“Ideally, what should be said to every child, repeatedly, throughout his or her school life is something like this: ‘You are in the process of being indoctrinated. We have not yet evolved a system of education that is not a system of indoctrination. We are sorry, but it is the best we can do. What you are being taught here is an amalgam of current prejudice and the choices of this particular culture. The slightest look at history will show how impermanent these must be. You are being taught by people who have been able to accommodate themselves to a regime of thought laid down by their predecessors. It is a self-perpetuating system. Those of you who are more robust and individual than others will be encouraged to leave and find ways of educating yourself — educating your own judgments. Those that stay must remember, always, and all the time, that they are being molded and patterned to fit into the narrow and particular needs of this particular society.”

-From “The Golden Notebook” by Doris Lessing

Gentleman, you need to educate yourselves. The future of the world depends on it. I am not speaking to you from some enlightened city on the hill. I am not that intelligent, and I am in no position to teach or preach on feminism. What I do know is how this last year has been an educational experience for me, and how continued dialogue has shaped and transformed the way I lead, the way I look at the world, and the way I carry my position in it. My introduction to feminism was not intentional. It took seeing the anger, the hurt, the tears, and the painful reality of people living in different narratives and different positions on the spectrum than I to truly realize that this isn’t something I should learn about, it is something I need to learn about and live about everyday. It needs to become a priority for all men. In The Master’s Tools Will Never Dismantle The Master’s House, Audre Lorde gives a quote that has stuck with me through this entire journey…

Women of today are still being called upon to stretch across the gap of male ignorance and to educated men as to our existence and our needs.

This speaks truly to the point of this post. Men, you need to educate yourselves. It is no ones responsibility but your own to educate yourselves. At your fingertips lies access to all the information known to humankind, and you can have it all at a fraction on a second. Read the journals, watch the films, make it a priority everyday to expand your consciousness in feminist narratives, you will be amazed at what you learn. It’s your responsibility.

I won’t for a second say I am a decent one, an enlightened one, or a qualified one, but every single day I get a little bit better than I was before:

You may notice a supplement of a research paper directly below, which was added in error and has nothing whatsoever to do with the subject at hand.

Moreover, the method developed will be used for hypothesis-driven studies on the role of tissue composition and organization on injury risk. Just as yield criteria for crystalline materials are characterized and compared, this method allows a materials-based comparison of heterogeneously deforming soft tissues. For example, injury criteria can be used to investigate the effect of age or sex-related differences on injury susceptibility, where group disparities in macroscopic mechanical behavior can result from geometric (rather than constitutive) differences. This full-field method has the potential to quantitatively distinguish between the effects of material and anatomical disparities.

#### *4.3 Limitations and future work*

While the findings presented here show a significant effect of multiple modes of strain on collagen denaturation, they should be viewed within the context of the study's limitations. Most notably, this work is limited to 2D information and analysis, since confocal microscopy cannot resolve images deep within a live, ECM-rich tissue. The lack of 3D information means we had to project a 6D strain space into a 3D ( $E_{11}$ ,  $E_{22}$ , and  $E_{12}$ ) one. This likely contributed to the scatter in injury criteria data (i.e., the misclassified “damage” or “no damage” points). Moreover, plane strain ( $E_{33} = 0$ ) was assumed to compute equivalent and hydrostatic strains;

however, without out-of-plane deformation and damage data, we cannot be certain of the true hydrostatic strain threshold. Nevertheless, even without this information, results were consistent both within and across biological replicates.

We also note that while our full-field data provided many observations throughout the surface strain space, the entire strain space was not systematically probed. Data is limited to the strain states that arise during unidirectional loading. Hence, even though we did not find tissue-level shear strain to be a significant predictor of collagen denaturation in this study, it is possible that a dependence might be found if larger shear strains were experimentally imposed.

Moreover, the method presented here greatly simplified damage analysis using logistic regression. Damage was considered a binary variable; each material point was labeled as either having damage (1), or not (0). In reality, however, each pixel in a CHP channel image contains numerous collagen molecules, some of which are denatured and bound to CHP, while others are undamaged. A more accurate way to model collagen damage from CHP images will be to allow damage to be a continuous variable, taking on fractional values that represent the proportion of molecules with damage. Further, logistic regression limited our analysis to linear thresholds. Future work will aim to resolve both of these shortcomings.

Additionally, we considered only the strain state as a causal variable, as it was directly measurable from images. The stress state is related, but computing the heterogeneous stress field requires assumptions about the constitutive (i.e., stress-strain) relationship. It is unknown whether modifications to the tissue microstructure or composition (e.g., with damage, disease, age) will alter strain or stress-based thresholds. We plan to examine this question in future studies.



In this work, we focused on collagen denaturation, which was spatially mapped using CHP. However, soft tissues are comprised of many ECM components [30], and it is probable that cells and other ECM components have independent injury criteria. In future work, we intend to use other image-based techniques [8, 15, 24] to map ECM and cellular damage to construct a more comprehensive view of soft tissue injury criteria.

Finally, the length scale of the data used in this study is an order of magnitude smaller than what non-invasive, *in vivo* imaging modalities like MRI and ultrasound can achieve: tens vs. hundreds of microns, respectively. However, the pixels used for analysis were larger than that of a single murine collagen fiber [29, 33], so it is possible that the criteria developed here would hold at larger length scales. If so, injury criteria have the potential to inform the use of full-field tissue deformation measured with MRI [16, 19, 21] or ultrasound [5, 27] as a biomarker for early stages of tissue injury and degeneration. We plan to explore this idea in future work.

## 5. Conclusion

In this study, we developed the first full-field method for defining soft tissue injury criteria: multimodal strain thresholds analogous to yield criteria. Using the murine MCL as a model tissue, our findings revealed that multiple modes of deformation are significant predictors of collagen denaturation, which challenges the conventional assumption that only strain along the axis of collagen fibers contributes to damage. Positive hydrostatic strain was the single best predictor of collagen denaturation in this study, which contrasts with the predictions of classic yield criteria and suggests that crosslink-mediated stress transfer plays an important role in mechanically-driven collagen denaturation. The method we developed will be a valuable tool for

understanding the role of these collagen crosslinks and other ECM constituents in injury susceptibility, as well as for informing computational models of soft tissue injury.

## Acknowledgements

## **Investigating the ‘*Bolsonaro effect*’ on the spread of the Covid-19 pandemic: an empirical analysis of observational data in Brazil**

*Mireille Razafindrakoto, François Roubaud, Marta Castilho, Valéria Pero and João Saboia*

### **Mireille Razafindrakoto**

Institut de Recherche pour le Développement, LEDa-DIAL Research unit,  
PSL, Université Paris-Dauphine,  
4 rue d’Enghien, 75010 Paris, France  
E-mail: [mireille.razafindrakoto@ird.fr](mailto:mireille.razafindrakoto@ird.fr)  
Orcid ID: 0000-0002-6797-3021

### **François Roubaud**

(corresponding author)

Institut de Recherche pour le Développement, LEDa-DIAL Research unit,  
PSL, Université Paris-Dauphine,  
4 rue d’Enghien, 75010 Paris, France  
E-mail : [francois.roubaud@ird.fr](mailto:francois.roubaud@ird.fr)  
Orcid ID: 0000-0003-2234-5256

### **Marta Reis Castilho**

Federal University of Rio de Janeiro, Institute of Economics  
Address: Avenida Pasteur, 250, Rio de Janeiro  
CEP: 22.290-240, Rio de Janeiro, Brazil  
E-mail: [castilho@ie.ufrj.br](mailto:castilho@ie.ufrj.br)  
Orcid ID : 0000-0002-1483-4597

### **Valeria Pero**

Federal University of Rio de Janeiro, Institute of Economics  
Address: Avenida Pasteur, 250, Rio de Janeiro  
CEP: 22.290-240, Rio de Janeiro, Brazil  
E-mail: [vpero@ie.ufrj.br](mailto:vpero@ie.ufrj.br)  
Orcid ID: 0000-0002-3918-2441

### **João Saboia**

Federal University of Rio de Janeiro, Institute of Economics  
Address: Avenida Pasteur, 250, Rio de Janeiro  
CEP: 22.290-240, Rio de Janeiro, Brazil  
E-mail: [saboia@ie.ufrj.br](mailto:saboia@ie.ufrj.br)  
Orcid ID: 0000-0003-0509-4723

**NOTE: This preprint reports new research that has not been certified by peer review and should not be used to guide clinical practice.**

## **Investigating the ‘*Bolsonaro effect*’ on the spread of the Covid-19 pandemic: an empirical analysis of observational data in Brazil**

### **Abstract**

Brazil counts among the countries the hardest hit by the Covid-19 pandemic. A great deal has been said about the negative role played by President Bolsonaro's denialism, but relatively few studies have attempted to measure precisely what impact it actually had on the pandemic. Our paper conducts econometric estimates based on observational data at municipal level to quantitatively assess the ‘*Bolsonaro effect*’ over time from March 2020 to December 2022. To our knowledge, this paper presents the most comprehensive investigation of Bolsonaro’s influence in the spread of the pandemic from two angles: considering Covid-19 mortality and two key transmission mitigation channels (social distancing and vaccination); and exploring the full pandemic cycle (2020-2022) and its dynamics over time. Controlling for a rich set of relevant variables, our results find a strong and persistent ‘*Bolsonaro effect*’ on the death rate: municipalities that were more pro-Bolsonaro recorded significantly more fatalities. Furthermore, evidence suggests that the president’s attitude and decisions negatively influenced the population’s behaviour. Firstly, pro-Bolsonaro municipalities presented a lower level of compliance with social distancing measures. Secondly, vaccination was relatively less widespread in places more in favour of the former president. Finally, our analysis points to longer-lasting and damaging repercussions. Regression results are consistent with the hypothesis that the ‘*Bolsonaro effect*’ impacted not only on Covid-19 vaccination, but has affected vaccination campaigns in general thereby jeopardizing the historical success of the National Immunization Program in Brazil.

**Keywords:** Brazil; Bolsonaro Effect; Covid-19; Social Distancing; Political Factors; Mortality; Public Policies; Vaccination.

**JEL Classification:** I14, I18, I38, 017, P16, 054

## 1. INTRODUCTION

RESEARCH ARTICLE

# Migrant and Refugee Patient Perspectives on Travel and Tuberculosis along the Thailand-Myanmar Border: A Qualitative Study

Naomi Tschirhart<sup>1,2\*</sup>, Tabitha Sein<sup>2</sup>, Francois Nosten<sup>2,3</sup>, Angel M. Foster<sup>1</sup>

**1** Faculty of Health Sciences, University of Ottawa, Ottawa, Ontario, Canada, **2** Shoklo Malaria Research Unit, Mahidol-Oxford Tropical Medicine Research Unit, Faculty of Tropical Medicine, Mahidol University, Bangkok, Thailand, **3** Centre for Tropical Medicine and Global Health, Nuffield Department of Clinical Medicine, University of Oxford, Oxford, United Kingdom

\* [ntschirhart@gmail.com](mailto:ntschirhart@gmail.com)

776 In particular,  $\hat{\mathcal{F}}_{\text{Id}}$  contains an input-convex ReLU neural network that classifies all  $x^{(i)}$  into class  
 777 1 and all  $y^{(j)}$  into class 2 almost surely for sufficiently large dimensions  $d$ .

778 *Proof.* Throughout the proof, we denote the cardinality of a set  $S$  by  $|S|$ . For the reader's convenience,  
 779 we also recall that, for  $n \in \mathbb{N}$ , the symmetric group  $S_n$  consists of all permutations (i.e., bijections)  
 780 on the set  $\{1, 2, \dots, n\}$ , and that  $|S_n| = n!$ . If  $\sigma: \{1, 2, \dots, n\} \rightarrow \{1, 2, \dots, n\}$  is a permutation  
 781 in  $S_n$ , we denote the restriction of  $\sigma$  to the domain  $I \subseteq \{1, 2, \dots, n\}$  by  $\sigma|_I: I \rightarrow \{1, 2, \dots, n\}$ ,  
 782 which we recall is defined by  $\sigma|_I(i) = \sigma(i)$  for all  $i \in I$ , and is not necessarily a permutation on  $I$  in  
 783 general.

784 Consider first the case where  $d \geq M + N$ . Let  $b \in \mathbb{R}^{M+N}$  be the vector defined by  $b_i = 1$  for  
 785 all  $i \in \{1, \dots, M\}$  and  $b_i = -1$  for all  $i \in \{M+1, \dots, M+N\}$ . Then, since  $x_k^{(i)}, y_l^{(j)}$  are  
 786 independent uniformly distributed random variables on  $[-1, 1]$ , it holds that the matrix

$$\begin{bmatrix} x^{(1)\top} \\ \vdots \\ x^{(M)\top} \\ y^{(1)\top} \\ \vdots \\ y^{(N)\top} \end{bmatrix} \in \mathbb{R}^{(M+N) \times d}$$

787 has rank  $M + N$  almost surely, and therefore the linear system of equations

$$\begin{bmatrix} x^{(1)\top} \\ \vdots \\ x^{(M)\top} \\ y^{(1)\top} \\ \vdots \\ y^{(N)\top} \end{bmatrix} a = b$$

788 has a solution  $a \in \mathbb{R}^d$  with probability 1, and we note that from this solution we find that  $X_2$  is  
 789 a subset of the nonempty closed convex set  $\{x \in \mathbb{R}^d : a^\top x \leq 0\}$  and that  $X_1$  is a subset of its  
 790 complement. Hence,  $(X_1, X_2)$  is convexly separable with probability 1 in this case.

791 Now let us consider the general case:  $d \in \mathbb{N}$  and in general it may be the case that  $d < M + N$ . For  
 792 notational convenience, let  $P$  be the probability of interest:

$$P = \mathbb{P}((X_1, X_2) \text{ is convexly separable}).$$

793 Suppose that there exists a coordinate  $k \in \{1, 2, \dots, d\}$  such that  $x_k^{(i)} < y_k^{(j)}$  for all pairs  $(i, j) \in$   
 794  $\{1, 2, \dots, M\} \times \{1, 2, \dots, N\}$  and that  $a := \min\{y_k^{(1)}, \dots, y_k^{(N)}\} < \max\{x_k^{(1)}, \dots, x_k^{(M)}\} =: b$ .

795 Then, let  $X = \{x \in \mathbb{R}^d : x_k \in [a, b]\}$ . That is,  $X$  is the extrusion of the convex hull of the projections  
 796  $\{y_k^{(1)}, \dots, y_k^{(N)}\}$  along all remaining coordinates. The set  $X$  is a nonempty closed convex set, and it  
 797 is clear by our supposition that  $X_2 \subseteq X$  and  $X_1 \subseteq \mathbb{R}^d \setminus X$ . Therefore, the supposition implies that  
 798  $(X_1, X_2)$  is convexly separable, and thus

My name is Cody Meyer, and I am a Feminist.

The Audition of Life

Picture captured from All rights reserved.

Picture captured from All rights reserved.

“On behalf of the group and ourselves, I hope we pass the audition”

-John Lennon

On January 30th, 1969, these were the last words that would be said on that rooftop. From that point forward, The Beatles were over…

As per my morning ritual, I spent some time this morning listening to music that makes me feel good. The music that makes me happy. Today’s selection was watching the Beatles play on that London rooftop years ago. There’s something tragically magical about the entire scene. A band that had shaped rock and roll history forever, that had spent so many years together, grew up together and eventually changed the world together, playing one last hurrah before they would eventually crash into flames. The band had been on the brink of collapse for sometime, and it was in the recording of the album Let It Be that the band finally started caving to resentments that had been building up for years. You can attribute it to any number of factors, they certainly did, but at the end of the day, The Beatles weren’t the The Beatles anymore, you can see it on all of their faces. If you were to watch that concert without sound, it might all seem a very drab affair.

To watch that concert is to see the last flicker of the light of their creative process, and it is something beautiful. The motivation for the concert was a disruption of their pattern. They were tired of being in such close proximity to each other, working on the album, and decided to move it to the rooftop for an abrupt performance. The entire thing was born out of resentment, and from it, came one of the most beloved and historic performances in music history.

After watching it, I took some time to reflect on it. I wonder what that must have felt like; looking down and seeing London come to a stop for you. People stopping in the street, getting out of cars, climbing rooftops and fire escapes just to get a little closer to you, just to hear you, to see you. The entire concert was an act of resentment, but it was a part of the creative process and an act of disruption, and act of defiance even. After watching the concert through, I started to think about my own life, and in particular, the last year. My entire professional existence has been about disruption. I harbor a lot of bad feelings towards people and towards myself. The reality of my situation is that I have made a habit of disruption in all that I do. I would argue it’s the only thing that really matters, and for that, I have a lot of people in my life and in my professional circles that really don’t like me very much. It’s not easy, I want to be liked. I want to be popular, and I want to feel like my superiors and subordinates admire me. As I reflect on the rooftop concert though, I can’t help but feel a certain air of defiance and resentment for that attitude. I shouldn’t be liked, and you know what, that’s okay.